As the financial year draws to a close, there is a spike in investments and insurance purchases to meet income tax goals for the year. The idea is to maximise the tax deduction benefits, especially those available under Section 80C of the I-T Act, by making eligible investments and insurance purchases. However, in this rush to save taxes, people make investments that are not aligned with their financial goals or risk appetite or end up buying unnecessary insurance policies. That being said, a wide variety of tax-saving instruments, both equity and debt-oriented, fall under the purview of Section 80C, and you can make sound investment decisions provided you select the right investment vehicle.
For your investments to succeed, you need to invest in instruments that can fetch desired returns while helping you to save tax. Your investment portfolio, too, should be balanced, with investments in debt and equity for the long and short term. And while most focus on fixed income tax-savers like the Public Provident Fund, there are two other instruments that can help you meet your long-term financial goals that shouldn’t be ignored. The first is the much-discussed Equity Linked Savings Scheme (ELSS) mutual funds and the other is the often-ignored voluntary top-up to the Employee Provident Fund (EPF), called the Voluntary Provident Fund (VPF).
While both these products help you save tax under Section 80C, both are vastly different products in terms of their characteristic features, and it is essential to understand what they offer before investing.
Risk and returns
EPF is a highly secure tax-saving instrument that is currently offering returns at 8.65 per cent per annum, which is the highest returns among all similar government-backed instruments. Salaried individuals working in a company with more than 20 employees or whose salary is above the minimum stipulated amount are mandatorily required to contribute 12 per cent of their basic salary and dearness allowance (DA) into their EPF accounts. However, you can increase this contribution to as much as 100 per cent of your basic salary and DA by investing additional funds in your EPF account through VPF payments.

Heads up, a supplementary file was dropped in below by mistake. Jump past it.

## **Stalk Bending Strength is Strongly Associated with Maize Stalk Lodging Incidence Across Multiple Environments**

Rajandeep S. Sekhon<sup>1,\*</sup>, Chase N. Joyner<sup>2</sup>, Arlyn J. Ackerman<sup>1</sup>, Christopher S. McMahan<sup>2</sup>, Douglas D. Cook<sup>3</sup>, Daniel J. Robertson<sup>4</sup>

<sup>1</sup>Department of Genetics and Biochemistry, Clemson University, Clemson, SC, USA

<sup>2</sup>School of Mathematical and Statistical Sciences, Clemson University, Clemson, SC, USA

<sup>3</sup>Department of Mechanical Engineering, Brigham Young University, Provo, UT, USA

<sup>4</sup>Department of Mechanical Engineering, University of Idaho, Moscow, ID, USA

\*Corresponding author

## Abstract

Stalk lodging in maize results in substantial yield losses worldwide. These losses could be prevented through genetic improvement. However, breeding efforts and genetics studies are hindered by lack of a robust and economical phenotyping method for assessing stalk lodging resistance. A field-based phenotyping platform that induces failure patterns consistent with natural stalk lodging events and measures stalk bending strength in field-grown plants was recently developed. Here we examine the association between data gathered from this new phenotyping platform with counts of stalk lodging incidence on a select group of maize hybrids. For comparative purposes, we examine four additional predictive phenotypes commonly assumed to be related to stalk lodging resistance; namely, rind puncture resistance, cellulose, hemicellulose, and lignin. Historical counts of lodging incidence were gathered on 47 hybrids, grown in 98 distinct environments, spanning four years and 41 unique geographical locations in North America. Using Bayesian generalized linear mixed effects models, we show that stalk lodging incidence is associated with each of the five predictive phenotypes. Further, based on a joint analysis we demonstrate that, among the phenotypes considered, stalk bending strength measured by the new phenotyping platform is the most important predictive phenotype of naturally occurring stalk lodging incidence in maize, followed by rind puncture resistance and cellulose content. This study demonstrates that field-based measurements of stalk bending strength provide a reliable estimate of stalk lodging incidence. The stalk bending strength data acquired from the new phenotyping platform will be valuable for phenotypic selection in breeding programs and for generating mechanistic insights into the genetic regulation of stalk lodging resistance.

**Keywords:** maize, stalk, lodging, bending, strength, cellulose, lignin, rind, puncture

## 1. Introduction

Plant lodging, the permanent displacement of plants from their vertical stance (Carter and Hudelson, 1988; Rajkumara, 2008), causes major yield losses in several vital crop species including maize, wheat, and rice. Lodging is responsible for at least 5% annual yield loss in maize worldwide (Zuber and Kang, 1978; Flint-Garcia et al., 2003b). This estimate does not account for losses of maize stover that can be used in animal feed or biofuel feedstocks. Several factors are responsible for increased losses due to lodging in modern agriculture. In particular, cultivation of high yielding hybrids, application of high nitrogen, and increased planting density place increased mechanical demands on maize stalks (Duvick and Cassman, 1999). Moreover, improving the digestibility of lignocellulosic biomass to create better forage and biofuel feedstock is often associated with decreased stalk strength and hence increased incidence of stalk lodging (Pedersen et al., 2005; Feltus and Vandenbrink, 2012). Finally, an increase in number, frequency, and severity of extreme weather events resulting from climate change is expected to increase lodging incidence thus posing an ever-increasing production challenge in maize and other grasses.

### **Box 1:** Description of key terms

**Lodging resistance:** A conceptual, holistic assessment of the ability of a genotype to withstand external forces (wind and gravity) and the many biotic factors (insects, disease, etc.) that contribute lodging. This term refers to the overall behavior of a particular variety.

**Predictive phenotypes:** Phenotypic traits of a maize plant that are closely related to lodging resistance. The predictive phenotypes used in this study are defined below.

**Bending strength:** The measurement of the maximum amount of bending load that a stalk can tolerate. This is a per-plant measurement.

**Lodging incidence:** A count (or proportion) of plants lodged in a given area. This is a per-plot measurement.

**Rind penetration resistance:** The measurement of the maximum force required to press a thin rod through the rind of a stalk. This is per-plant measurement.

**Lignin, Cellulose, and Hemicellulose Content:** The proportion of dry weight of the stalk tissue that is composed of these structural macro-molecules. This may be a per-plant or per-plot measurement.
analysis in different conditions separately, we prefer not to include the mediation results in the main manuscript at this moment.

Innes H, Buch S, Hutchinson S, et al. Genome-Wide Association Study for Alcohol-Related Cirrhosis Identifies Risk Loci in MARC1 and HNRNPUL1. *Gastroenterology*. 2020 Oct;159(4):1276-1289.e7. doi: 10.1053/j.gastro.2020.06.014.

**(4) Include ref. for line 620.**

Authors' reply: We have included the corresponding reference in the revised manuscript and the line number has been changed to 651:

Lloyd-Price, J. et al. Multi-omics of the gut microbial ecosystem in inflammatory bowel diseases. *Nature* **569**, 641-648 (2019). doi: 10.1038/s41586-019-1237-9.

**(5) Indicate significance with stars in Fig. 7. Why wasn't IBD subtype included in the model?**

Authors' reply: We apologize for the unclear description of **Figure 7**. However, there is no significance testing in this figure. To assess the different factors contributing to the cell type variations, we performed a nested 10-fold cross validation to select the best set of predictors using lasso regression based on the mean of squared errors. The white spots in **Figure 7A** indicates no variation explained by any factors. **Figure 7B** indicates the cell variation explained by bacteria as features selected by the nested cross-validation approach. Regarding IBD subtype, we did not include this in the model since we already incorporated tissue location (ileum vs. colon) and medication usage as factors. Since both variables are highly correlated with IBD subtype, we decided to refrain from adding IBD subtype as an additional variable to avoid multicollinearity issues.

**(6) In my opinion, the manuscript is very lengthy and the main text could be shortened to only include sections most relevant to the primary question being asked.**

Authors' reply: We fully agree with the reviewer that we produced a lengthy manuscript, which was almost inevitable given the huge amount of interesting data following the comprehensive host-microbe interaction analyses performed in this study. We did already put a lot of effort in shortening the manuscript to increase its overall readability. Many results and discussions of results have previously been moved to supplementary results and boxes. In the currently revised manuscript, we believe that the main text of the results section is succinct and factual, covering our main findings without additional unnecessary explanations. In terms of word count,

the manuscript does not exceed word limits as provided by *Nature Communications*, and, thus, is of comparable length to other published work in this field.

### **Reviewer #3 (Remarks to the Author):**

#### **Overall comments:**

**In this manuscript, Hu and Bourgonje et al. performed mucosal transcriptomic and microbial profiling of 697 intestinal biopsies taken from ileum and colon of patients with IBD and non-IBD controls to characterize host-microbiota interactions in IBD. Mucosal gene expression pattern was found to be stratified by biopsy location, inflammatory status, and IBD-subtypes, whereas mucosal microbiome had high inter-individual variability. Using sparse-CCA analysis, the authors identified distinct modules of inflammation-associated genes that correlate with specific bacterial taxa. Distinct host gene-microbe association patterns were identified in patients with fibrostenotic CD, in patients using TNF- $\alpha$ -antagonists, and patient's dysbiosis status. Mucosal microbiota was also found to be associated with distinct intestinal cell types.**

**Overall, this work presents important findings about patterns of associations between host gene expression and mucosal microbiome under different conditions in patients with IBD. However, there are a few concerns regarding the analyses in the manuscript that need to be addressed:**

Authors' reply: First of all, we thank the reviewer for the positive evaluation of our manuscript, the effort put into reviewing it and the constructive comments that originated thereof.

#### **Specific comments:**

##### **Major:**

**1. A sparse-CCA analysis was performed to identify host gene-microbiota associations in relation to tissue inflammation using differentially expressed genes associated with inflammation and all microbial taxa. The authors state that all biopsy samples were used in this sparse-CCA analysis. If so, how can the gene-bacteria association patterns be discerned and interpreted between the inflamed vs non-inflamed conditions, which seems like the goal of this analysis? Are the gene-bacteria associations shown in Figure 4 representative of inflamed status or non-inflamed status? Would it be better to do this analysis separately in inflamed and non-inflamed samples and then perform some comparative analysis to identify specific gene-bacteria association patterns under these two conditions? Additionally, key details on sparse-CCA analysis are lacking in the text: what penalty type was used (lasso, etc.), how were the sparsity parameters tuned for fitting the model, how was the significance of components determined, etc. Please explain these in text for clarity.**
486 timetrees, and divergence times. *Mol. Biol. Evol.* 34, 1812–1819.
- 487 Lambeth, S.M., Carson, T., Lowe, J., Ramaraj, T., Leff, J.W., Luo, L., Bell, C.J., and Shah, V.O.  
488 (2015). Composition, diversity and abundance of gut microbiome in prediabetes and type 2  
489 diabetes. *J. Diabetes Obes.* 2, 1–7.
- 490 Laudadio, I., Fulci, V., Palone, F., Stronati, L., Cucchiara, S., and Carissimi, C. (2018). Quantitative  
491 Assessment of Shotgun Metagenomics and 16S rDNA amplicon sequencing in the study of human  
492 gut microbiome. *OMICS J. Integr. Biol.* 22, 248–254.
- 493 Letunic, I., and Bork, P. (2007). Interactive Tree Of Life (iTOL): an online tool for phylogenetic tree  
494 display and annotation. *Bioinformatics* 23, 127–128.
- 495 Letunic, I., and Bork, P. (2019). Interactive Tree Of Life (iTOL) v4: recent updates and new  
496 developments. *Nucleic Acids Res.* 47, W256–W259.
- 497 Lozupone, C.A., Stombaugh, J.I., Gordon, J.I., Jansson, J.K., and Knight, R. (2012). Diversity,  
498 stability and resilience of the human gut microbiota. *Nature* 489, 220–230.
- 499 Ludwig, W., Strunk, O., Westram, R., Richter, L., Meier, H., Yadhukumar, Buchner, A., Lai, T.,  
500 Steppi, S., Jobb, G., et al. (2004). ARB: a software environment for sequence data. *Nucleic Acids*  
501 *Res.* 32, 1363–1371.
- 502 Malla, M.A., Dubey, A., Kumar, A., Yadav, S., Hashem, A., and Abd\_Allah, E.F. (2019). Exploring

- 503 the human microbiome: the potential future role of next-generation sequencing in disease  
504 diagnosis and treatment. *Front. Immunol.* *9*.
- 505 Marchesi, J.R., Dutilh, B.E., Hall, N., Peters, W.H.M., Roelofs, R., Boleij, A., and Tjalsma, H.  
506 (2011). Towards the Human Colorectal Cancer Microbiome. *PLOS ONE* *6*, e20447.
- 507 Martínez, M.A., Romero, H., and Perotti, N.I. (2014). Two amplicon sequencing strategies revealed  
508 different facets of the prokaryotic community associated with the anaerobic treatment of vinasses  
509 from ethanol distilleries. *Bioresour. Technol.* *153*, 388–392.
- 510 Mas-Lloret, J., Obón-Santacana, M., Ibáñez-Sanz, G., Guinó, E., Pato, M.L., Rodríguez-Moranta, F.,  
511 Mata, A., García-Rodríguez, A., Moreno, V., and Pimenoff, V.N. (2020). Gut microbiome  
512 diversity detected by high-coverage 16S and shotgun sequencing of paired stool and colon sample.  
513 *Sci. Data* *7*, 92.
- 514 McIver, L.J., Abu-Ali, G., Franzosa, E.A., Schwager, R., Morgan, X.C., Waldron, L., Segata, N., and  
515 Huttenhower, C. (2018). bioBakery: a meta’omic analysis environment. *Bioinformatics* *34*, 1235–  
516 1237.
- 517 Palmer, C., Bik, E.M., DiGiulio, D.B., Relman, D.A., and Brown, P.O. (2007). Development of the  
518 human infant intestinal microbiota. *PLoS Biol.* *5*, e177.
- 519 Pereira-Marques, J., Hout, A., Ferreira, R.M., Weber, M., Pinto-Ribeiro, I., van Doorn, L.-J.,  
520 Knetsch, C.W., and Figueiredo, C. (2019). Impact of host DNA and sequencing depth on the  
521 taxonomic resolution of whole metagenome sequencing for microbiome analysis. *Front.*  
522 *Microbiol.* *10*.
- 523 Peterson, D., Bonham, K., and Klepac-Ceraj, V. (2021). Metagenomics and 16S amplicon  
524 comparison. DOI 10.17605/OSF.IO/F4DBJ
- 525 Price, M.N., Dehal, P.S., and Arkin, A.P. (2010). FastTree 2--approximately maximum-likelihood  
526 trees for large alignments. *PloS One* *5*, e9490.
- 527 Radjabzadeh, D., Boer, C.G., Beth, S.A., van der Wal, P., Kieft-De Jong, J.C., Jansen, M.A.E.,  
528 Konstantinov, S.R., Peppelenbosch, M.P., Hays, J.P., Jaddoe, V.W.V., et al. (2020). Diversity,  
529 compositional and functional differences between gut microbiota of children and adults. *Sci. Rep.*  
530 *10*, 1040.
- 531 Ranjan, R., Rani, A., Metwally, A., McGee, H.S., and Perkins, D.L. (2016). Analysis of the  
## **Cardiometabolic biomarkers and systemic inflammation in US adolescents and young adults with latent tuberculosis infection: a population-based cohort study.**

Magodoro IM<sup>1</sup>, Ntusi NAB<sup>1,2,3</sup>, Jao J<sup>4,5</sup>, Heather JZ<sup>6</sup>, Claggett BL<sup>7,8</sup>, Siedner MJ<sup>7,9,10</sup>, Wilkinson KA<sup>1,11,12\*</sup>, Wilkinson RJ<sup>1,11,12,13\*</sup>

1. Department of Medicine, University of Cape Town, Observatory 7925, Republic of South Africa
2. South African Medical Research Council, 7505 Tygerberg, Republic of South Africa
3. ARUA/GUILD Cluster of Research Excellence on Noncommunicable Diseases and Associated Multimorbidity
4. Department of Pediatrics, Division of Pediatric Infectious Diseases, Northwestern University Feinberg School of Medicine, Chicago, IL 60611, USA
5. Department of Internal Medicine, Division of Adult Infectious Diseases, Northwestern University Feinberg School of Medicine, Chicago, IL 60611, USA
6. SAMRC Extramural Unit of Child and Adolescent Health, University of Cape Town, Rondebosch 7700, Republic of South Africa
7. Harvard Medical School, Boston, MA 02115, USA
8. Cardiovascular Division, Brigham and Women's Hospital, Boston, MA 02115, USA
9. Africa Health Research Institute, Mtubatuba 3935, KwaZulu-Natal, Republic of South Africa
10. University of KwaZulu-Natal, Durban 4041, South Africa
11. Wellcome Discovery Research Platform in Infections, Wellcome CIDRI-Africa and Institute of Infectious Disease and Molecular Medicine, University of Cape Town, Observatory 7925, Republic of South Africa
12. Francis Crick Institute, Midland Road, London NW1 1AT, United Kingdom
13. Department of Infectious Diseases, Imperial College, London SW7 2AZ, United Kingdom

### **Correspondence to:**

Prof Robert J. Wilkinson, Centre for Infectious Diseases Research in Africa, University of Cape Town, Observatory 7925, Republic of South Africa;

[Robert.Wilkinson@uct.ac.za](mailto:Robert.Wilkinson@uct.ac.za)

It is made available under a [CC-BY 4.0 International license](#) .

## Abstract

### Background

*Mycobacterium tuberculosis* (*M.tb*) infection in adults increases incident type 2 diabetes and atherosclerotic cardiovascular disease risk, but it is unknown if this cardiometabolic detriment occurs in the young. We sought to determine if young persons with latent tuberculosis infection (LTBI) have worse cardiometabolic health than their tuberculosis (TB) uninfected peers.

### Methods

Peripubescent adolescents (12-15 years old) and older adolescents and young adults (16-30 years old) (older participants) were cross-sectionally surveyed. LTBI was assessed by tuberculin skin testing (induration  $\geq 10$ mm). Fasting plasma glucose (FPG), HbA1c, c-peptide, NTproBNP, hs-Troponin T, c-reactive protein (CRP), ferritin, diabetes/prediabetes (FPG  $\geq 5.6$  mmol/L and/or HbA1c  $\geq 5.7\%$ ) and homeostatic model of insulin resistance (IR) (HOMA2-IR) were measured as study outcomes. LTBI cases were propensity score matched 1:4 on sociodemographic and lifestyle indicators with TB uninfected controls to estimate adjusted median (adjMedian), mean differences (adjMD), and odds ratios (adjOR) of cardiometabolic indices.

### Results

Do note that EPF returns are revised once in a year, unlike other small savings schemes where rates are revised every quarter. Also, there are chances its current rate of 8.65 per cent p.a. will be reduced during the next revision to be in sync with other tax-saving instruments.
ELSS, on the other hand, is a mutual fund where your money is invested in a portfolio of equity or equity-linked instruments. As a result, it can offer high returns in the long term with moderate to high risk. As a long-term investment, equity provides returns that comfortably exceed those of debt instruments, with 10- and 20-year returns of approximately 11-12 per cent on average. Despite the fact that recent returns from equities have been in the red due to a number of macroeconomic reasons, equity investments done with a long-term outlook do have the potential to mitigate risks and maximise returns.